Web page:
It helps that I no longer want to compete in dressage shows, or basically in any other competitions other than endurance (although I'd like to try a hunter show just once for the shock value of brining a Friesian in the ring...), so I don't have to worry that I'll be giving up blue ribbons.  But I've become convinced that there are too many things about dressage shows, in particular, that are really bad for the longevity of horses, especially as they become more advanced.  I mean, ask yourself how many dressage horses you know that are still competing at even 3rd or 4th level in their early 20's?  Most are done by the time they are 12, maybe 15, and they've got at least one and usually multiple physical issues that have to be managed for the rest of that horse's life.  That is the direct result of the "training pyramid" and other nonsense like supremely extended gaits because training a horse that way trashes their bodies.

Despite their willingness (most of the time, anyway) and the fact that they have a back that is the perfect place to put a saddle, horses never evolved to be ridden.  So if we are going to ride them, particularly in athletically demanding ways, we have to condition them specifically to be ridden in addition to being able to engage in the physical effort of the discipline.  If you watch videos of dressage competitions from even just 20 years ago and compare them with today, you can start to see how exaggerated the movements like half-pass and extended trot have become.  If you look at movements from earlier than 20 years ago, you'll see an even greater difference.  Some people have argued that horses now are simply better bred than they were even 20-30 years ago so that's why they can perform in such a sensationalist way.  But if they are really better bred (something I honestly don't know enough about to comment on) and the movements really aren't that bad for them (and the training methods like the dreaded rollkur) and even improved them like dressage is supposed to, why are these horses breaking down?

Anyway, I have no expectation of ever competing at the Grand Prix level.  I just want to help my horse become better at his job, which is supposed to be distance riding.  And as I mentioned in a post earlier this month, I finally got the courage to ask my instructor about how we could do that.  Her response was, "I don't think you can do endurance riding and SOM."  I knew that is what she would say, which is why I didn't want to ask it.  And here is why I think she said that.  Her vision of endurance riding is FEI-level endurance racing.  She envisions horses racing at speed with hollow backs and uneducated riders, and there is no room for that kind of activity within the SOM framework.  I tried to explain that there are horses and riders who don't move like that.  I mean, you don't get a Decade Team unless you have a lot of things working out well.  And let's not forget about Clair Godwin's Tevis finish this year on her 26- (or was it 27-) year old Merc.  I watched that horse canter in to the finish line and he didn't look broken to me.  My instructor might not have been super happy with his movement, but it was a hell of lot better than some of the sh*t I see in dressage rings, even at high levels.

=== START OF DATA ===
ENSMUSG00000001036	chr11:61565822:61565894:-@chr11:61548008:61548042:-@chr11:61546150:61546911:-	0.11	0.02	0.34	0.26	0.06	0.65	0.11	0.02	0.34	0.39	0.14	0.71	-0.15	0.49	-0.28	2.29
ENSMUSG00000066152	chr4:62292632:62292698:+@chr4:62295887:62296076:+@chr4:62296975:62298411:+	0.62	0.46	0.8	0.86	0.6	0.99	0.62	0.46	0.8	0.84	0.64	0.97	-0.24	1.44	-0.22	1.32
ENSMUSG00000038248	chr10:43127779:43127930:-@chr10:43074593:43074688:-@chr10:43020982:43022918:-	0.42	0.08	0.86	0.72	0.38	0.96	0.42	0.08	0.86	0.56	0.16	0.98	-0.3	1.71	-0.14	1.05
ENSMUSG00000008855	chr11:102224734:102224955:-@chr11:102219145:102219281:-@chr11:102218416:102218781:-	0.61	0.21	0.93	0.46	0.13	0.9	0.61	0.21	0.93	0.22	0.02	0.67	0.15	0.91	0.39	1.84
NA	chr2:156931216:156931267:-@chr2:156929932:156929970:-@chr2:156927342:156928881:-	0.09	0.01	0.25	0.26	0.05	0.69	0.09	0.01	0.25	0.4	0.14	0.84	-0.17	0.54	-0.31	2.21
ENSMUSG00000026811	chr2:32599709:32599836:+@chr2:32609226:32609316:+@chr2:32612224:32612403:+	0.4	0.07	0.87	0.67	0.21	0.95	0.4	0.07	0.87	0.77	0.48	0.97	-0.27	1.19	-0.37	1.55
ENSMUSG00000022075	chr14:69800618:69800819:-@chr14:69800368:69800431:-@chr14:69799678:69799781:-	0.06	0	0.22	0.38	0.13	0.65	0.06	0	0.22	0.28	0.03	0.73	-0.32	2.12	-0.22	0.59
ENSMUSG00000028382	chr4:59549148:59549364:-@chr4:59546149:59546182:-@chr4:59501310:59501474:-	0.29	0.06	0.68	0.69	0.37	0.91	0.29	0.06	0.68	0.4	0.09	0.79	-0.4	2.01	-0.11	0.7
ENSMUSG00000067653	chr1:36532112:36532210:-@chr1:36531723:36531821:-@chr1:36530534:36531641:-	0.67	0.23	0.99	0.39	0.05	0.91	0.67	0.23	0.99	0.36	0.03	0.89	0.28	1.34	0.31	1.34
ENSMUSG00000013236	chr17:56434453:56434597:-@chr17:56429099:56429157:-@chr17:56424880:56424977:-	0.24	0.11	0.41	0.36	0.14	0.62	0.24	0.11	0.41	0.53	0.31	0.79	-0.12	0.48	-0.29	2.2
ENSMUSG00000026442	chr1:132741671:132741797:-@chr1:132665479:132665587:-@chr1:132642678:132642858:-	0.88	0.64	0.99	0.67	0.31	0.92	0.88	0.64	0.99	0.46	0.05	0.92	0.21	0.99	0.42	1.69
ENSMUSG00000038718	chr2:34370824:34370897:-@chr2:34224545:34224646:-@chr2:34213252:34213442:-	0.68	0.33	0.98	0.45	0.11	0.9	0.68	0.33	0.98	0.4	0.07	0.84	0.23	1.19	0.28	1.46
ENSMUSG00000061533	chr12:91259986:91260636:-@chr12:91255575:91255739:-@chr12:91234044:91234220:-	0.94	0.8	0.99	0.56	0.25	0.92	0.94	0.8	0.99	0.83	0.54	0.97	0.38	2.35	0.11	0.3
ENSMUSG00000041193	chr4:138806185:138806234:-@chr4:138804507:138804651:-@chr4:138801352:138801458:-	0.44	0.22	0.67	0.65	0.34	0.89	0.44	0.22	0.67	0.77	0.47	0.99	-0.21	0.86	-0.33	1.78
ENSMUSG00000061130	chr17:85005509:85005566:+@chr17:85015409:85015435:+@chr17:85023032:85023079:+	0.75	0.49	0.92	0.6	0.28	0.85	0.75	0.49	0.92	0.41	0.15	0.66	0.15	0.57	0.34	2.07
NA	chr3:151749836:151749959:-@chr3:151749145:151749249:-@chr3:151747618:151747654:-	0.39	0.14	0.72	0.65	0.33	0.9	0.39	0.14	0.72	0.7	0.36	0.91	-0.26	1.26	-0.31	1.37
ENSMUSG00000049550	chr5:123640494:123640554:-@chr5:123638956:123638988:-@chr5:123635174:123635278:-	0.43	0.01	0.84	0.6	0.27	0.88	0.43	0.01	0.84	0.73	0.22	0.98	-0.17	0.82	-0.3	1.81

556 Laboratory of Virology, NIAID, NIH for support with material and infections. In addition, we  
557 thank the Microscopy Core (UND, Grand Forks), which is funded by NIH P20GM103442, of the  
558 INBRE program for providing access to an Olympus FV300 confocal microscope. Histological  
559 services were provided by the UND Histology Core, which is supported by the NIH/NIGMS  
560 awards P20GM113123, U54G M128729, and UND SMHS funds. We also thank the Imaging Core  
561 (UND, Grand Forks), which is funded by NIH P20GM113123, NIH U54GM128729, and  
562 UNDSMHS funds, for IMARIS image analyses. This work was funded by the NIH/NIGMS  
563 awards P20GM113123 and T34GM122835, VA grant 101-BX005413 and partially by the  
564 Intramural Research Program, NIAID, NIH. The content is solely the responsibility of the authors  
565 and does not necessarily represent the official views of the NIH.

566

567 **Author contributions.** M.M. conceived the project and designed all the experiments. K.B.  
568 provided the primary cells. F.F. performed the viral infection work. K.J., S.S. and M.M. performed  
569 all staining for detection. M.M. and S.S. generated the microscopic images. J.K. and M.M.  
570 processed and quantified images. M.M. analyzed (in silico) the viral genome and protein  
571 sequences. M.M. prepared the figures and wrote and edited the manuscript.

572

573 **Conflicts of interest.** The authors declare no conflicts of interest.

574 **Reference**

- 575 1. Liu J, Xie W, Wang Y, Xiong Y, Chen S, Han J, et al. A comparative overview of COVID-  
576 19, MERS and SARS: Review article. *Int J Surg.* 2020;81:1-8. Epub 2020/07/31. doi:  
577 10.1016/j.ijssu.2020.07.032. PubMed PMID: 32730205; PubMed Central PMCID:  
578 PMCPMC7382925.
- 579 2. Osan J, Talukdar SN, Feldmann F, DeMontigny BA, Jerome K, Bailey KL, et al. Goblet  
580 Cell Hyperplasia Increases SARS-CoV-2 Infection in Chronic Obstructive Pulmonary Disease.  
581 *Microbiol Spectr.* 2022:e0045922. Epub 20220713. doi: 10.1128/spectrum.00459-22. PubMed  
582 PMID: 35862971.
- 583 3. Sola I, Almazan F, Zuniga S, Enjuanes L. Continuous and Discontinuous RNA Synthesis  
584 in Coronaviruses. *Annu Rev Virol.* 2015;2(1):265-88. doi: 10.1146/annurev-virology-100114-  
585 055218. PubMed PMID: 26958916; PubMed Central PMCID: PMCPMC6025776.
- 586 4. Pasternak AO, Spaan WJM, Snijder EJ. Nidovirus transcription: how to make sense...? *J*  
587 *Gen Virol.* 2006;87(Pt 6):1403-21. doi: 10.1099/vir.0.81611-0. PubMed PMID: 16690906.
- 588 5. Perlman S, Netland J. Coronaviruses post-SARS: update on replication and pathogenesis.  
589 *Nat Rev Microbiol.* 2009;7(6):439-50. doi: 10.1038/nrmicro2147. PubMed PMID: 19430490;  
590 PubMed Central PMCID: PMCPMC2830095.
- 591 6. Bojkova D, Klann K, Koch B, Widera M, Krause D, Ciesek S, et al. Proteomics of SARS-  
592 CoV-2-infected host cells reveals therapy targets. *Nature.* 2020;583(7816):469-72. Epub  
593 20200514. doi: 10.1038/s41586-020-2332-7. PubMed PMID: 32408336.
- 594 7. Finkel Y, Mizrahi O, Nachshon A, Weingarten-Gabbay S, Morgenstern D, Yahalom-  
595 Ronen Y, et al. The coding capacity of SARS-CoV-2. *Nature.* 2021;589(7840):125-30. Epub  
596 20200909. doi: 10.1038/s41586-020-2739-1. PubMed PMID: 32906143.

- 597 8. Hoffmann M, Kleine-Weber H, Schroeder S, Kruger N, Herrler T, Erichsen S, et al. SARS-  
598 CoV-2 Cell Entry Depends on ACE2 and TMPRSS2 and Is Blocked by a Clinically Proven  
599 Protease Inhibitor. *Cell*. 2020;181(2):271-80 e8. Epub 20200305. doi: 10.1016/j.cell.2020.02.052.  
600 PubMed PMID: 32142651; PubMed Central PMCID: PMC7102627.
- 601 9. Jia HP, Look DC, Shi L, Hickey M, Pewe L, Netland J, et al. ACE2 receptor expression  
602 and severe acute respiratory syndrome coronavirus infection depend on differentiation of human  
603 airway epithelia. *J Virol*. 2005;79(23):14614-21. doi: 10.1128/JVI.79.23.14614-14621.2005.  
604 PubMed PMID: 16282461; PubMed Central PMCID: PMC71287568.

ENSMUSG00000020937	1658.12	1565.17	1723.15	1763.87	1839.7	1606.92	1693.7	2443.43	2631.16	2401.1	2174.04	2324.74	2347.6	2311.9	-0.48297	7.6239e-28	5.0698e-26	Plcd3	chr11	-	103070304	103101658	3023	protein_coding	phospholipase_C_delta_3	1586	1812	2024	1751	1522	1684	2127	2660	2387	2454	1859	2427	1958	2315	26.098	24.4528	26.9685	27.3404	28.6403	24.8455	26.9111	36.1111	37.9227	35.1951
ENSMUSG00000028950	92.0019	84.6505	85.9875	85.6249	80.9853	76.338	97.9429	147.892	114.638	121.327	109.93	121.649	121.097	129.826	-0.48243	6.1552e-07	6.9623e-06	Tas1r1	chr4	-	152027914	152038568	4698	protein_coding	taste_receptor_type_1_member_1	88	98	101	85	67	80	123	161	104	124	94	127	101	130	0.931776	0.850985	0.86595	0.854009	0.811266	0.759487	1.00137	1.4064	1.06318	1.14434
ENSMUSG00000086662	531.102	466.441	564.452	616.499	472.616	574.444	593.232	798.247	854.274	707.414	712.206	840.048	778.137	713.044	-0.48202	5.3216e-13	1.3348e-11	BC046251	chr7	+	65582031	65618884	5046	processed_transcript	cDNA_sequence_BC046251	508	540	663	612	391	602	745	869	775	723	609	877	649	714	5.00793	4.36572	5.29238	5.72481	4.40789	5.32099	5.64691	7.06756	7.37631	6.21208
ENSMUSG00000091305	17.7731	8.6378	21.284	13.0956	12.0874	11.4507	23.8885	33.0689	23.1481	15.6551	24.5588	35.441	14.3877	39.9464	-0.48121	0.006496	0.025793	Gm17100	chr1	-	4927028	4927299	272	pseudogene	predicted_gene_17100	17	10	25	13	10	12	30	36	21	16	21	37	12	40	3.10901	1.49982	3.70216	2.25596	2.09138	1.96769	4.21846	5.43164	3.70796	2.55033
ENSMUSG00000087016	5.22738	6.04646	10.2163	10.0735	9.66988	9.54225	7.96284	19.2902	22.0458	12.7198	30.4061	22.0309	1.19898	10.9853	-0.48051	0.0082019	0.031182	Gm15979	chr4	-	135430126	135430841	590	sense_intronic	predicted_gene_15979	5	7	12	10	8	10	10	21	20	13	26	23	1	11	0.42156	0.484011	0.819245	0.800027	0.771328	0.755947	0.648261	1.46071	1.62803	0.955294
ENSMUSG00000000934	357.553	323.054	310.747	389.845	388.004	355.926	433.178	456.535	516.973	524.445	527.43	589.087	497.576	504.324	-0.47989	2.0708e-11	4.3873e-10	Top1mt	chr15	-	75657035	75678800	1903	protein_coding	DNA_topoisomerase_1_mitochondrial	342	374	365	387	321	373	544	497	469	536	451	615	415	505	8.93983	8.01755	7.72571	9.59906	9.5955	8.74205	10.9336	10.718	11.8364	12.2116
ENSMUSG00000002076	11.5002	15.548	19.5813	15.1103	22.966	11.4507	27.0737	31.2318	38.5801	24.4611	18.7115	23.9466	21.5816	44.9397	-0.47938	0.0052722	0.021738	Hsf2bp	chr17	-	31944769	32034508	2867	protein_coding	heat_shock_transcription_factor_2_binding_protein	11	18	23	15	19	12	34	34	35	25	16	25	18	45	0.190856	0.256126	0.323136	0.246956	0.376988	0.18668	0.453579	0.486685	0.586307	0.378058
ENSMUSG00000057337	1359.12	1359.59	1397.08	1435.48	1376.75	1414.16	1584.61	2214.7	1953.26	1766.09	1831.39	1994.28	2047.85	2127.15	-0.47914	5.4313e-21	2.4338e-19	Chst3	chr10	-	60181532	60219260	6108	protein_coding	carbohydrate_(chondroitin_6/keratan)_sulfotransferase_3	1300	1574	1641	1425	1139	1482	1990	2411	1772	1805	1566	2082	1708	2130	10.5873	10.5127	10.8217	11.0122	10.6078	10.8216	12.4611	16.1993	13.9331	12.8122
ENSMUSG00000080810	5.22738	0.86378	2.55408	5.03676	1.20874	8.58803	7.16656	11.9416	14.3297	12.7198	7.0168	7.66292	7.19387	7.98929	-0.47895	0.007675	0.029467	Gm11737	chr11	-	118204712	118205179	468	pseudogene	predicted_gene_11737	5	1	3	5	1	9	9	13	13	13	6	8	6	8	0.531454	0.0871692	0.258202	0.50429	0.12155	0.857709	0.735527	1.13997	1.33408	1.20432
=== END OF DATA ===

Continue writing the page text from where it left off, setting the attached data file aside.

The problem is that when people can't acknowledge a path to the end, it is hard to get them to try.  But as you may know, I truly enjoy like to torture myself attempting things that other people think are impossible.  So here is my plan:

Step 1:  I'm not going to tell my instructor that I am planning on someday doing another endurance ride.  In fact, it's possible that I've led her to believe that I've given it up (which may end up being true depending on how my plan goes...).  I don't want her worried that I'm secretly racing Nimo down the trails because we've never done that I have no expectation of doing that.  I want her to help me condition Nimo just like any other horse.

Step 2: I bought a new saddle.  I'll post a little bit more about this part of the plan hopefully later this month.

Step 3: I'm feeding Nimo a whole bunch of food.  Again more about that later this month.

Step 4: I'm reworking my conditioning with Nimo.  This is the hardest part of the plan, and with the crazy wet weather we've been having for the past few months, it has been the hardest part to execute, but I've had some positive experiences and I'll share those with you too.